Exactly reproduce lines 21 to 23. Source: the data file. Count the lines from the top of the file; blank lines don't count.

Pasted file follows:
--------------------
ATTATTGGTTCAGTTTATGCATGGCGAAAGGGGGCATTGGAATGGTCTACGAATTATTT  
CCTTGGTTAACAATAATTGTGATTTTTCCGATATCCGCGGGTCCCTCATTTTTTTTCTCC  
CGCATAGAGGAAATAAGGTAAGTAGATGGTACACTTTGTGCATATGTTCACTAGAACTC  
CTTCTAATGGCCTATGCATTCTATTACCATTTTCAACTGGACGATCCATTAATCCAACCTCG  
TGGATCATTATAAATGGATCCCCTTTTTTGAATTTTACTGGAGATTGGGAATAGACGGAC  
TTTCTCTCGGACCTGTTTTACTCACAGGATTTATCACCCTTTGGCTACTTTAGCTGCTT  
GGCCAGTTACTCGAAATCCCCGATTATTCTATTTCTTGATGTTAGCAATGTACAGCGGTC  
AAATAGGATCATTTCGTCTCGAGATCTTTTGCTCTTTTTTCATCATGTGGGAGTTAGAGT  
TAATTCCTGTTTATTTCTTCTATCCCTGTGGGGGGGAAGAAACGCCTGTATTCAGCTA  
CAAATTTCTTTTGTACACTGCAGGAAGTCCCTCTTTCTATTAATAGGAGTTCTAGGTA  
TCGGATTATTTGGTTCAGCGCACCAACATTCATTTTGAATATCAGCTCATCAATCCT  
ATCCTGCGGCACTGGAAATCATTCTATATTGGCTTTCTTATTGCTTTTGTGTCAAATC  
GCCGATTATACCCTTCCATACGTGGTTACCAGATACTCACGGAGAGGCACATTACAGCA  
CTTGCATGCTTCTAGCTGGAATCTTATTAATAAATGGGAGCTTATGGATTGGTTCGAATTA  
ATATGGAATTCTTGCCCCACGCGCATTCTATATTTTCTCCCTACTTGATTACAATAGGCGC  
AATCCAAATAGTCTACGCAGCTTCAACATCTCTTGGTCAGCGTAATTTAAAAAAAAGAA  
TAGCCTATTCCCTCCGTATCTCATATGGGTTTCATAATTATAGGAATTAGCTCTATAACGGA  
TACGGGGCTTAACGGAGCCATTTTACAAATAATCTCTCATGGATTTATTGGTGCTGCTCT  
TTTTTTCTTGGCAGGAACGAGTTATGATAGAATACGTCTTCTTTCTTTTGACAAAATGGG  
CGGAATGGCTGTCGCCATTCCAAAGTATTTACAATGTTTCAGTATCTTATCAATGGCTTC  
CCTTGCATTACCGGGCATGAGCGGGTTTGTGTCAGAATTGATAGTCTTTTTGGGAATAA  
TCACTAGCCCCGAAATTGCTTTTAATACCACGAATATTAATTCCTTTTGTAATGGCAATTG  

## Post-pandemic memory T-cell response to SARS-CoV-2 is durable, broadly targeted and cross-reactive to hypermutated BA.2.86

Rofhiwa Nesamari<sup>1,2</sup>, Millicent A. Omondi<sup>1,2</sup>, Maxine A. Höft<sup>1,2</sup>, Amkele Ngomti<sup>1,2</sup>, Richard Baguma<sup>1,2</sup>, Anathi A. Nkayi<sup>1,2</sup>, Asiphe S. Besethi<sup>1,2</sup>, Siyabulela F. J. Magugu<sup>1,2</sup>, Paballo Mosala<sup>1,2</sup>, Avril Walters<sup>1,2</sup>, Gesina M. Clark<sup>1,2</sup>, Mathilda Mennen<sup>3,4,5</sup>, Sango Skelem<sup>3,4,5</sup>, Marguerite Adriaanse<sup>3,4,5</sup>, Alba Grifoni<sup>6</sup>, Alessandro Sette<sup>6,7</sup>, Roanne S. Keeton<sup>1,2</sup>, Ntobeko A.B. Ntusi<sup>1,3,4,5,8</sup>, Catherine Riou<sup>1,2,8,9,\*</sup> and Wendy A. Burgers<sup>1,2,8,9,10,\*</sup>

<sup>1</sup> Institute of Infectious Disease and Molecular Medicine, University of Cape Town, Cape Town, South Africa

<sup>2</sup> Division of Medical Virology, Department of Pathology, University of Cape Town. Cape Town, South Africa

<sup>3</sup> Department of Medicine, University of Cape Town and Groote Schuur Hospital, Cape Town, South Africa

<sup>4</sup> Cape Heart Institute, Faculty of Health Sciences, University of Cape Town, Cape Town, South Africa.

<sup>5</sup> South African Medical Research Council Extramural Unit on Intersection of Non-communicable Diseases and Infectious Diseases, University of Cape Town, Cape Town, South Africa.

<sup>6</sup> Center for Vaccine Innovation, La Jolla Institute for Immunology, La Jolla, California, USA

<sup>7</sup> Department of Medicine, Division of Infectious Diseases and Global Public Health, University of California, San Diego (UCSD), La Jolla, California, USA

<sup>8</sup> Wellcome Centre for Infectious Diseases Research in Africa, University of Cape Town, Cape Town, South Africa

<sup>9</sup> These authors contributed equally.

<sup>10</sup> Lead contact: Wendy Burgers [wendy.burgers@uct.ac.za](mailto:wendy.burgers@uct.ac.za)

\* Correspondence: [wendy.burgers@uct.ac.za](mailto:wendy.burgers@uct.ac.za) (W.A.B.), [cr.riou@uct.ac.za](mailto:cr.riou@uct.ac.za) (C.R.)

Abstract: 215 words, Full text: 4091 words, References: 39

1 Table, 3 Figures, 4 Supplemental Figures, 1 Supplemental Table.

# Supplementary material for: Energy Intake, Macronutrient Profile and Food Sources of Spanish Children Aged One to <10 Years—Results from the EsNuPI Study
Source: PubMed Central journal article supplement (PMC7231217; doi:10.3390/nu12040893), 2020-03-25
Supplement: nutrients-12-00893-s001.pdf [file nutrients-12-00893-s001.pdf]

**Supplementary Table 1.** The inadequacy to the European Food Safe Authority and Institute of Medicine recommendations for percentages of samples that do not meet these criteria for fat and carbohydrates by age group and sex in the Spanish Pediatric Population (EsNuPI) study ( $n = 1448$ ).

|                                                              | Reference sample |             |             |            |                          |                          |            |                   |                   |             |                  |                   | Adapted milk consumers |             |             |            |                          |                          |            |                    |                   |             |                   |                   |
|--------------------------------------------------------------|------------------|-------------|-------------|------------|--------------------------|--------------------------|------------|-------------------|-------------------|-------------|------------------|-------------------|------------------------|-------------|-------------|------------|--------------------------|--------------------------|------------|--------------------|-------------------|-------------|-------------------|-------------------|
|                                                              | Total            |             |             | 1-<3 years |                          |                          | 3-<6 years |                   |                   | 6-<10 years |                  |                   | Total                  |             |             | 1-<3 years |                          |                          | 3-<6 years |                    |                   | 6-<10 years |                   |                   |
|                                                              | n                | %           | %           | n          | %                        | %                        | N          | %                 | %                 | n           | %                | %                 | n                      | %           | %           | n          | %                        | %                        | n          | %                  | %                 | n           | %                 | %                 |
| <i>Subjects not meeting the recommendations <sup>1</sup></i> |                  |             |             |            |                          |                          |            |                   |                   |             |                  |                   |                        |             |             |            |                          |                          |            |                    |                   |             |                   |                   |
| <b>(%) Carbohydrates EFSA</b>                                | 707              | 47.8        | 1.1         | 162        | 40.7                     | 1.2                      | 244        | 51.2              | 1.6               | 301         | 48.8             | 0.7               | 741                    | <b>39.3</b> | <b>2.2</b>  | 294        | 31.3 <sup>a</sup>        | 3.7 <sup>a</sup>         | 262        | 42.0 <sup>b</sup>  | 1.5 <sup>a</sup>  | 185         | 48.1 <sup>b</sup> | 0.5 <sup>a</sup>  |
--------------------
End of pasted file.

CCTTGCATTACCGGGCATGAGCGGGTTTGTGTCAGAATTGATAGTCTTTTTGGGAATAA  
TCACTAGCCCCGAAATTGCTTTTAATACCACGAATATTAATTCCTTTTGTAATGGCAATTG  

## Post-pandemic memory T-cell response to SARS-CoV-2 is durable, broadly targeted and cross-reactive to hypermutated BA.2.86